Politicians are also emphasising making their cities more liveable. At Porto’s stall, which is lined with charming hand-painted tiles, Mayor Rui Moreira says that second-tier cities will shine in the post-pandemic economy. Increasingly, large companies want to spread their bases, the mayor says, so he’s here seeking an initial €700m in private money to rehabilitate the city’s east side with offices and homes. “We want it to be like Canary Wharf without the problems of Canary Wharf. We don’t want an island,” he says. A new transit hub and a renovated train line between Porto’s riverside and upper-side districts will help to retain the feel of a 15-minute city, avoiding the isolation more common in big cities, says Moreira.
Lisbon’s mayor, Carlos Moedas, returns Moreira’s serve. He’s here to invite tenders for a huge homebuilding and affordable-rent programme that will make the city more manageable for younger and middle-class workers. “You have a lot of companies that go to Portugal just for the talent,” he says, “and there’s not a lot of places where you can go and surf in the morning before you go to work and head to the beach on the weekend basically all year round.”
There are plenty of signs of a world that has spent two years readying itself for celebrations. At the Budapest stand, a giant model of the city’s park displays the new 9,000 sq m and otherworldly (its appearance can best be described as fungal) House of Hungarian Music that has won plaudits at the conference.
But if the property industry can’t avoid talking about the pandemic, it would much prefer to talk about the environment and social and corporate governance, commonly known as esg – the acronym that launched a thousand credulous press releases. Still, mitigating climate change is an era-defining challenge designers are taking on with relish. Italian architect and mit professor Carlo Ratti’s firm is behind Helsinki’s Hot Heart. The huge offshore project uses excess renewable energy to heat tanks water that is then piped through the city. The tropical forests that sit on top of the tanks are an eyecatching example of what can be done when a city takes a “moonshot” approach, Ratti says. “If you want cities to innovate, you need to stop using ‘best practices’, which lock the future into the past,” he adds.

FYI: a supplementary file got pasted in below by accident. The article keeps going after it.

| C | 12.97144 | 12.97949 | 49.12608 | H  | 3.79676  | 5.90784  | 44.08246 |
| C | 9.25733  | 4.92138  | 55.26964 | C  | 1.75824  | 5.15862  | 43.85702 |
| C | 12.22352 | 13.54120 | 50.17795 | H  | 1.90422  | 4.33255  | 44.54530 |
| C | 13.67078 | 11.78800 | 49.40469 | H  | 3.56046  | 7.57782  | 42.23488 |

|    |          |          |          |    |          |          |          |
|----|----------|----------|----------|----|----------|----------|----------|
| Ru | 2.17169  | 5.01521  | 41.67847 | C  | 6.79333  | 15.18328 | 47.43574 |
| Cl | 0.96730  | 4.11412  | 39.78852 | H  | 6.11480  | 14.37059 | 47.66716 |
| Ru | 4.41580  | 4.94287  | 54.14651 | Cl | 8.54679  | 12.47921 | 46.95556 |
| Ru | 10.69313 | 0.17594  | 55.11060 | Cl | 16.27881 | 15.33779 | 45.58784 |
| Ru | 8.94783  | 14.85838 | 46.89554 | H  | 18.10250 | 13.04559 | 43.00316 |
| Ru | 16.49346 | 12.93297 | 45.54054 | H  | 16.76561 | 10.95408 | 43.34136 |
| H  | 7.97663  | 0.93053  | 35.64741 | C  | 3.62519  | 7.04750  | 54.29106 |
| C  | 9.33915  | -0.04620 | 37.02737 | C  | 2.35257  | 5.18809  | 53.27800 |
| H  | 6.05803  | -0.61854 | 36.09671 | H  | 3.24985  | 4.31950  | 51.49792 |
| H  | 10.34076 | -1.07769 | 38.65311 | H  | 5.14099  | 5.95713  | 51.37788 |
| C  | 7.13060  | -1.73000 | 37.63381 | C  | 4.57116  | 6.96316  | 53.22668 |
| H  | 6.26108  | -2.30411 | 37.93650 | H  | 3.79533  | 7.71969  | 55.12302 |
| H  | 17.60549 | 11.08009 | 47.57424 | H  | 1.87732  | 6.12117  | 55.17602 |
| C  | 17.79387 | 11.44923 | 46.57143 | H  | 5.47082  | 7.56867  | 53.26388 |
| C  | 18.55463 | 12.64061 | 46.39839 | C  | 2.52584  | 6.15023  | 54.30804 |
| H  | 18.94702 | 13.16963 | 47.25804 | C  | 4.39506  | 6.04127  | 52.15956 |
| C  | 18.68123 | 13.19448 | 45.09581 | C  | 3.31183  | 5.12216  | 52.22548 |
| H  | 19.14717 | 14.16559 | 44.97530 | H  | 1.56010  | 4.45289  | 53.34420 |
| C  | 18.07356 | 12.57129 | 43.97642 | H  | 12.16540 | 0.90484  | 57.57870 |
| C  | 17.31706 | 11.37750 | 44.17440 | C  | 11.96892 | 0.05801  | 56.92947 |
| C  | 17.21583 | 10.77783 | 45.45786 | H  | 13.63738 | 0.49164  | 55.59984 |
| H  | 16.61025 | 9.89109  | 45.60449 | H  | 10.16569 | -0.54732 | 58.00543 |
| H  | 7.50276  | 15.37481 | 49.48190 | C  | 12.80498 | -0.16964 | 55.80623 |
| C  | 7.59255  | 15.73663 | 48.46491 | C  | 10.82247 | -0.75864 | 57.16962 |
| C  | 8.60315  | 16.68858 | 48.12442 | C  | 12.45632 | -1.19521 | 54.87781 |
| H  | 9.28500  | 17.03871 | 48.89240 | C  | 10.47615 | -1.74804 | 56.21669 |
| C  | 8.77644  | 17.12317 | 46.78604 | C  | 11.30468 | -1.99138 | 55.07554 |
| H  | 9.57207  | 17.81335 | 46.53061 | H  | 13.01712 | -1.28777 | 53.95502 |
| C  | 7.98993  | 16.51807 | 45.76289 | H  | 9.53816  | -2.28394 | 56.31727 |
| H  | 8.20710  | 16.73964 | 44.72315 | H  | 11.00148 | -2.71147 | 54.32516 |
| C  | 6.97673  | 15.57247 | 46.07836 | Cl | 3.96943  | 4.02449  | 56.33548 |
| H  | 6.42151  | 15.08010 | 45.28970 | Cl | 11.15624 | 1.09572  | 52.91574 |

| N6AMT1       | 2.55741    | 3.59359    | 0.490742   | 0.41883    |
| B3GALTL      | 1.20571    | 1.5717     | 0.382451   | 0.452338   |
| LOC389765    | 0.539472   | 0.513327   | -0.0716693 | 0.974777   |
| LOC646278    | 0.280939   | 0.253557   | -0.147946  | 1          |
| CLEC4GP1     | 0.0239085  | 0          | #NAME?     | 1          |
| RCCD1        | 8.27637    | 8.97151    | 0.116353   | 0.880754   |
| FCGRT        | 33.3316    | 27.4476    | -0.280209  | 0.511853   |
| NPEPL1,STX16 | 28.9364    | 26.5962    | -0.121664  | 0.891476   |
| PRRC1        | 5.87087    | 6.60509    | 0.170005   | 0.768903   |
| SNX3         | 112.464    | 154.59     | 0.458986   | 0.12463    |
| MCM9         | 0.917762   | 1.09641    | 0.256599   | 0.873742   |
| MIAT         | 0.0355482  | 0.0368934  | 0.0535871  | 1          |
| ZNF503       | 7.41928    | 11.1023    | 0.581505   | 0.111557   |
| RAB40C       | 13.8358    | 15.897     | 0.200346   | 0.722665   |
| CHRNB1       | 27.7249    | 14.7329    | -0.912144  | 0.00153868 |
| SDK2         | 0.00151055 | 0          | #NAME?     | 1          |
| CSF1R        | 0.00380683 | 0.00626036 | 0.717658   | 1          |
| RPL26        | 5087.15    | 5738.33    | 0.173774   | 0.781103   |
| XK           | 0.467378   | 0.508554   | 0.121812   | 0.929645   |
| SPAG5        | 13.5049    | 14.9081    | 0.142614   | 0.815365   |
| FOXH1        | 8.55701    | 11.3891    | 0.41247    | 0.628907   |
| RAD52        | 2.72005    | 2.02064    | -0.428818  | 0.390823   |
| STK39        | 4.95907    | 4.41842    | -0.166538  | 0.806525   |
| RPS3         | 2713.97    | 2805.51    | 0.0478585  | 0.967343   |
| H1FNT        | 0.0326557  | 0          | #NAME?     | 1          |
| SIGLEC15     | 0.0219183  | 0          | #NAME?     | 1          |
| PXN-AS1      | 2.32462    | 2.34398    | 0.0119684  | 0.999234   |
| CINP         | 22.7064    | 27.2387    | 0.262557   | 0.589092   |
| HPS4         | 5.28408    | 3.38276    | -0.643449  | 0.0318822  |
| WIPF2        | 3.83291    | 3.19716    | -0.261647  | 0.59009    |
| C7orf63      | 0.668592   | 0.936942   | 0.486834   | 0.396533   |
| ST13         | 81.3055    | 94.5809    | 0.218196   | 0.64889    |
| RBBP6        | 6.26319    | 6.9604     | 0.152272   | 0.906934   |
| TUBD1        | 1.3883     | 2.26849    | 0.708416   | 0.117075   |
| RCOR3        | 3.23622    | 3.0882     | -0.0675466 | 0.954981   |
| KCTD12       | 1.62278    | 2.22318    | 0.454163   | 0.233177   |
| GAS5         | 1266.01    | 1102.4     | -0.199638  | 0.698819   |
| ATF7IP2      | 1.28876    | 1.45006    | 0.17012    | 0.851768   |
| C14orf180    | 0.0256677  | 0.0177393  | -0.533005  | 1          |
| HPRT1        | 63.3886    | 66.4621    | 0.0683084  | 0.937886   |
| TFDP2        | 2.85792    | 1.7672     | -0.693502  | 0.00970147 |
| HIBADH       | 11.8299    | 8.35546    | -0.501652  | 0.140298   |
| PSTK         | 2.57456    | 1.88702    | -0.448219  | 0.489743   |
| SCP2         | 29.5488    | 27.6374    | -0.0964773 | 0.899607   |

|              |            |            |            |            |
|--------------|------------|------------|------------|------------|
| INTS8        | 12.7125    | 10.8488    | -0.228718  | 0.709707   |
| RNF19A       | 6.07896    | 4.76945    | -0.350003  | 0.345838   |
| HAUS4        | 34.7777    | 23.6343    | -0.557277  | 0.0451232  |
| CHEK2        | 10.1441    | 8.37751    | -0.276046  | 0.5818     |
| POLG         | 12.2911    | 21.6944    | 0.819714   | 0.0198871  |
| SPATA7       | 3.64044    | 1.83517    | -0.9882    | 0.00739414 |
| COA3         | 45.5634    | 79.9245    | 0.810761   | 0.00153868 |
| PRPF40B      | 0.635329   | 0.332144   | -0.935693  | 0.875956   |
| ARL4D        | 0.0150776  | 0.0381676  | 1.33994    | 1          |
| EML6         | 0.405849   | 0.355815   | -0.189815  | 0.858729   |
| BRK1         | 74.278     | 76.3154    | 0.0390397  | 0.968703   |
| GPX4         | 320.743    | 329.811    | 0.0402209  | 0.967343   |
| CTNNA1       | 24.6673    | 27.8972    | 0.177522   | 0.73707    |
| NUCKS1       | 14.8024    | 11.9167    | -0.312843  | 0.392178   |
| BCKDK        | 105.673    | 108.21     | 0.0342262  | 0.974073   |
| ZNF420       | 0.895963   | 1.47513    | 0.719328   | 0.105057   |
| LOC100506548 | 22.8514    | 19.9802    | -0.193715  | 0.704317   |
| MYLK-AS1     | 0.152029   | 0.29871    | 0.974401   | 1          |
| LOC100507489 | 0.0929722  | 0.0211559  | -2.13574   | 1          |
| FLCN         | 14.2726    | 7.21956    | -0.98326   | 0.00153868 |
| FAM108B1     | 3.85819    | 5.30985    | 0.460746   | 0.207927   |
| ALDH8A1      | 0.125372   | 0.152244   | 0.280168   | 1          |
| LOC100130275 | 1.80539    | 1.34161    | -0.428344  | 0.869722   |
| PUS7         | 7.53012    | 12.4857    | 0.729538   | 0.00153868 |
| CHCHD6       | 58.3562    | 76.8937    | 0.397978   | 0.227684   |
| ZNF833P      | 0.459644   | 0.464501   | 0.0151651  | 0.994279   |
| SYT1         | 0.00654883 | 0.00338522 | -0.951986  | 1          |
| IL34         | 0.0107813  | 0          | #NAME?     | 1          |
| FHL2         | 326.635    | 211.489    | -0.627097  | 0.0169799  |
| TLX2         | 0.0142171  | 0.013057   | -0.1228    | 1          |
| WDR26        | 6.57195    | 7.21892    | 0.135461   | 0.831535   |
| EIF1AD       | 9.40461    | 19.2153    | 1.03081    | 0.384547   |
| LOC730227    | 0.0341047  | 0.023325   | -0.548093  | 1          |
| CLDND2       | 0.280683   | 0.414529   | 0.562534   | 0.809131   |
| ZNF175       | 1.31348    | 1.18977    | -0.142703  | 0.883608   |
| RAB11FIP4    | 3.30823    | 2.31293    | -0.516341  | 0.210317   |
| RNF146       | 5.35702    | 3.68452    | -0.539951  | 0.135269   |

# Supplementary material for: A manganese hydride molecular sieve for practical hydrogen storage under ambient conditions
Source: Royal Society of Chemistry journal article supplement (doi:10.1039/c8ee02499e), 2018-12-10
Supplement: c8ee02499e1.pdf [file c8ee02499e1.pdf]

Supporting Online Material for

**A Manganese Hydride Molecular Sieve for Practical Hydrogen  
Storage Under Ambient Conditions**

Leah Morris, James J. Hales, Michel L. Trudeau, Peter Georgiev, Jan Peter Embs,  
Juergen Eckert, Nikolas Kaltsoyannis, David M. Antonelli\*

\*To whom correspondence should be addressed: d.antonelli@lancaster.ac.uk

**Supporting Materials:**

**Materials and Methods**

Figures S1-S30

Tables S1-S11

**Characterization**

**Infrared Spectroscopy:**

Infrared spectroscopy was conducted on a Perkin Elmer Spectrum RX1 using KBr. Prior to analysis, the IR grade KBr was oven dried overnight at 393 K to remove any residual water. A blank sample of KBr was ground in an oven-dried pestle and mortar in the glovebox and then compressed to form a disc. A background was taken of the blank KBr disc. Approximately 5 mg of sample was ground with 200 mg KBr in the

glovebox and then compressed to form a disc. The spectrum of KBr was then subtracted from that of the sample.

But a different story has emerged from the alphabet soup to punctuate this year’s Mipim. Russia, usually a conference stalwart, has stayed away given that participants would violate crippling Western sanctions by doing business with the world’s latest pariah state. Ukraine’s stand is boarded up, displaying a message explaining that the cities that had planned to attend are instead too busy defending their freedom from Russian shelling.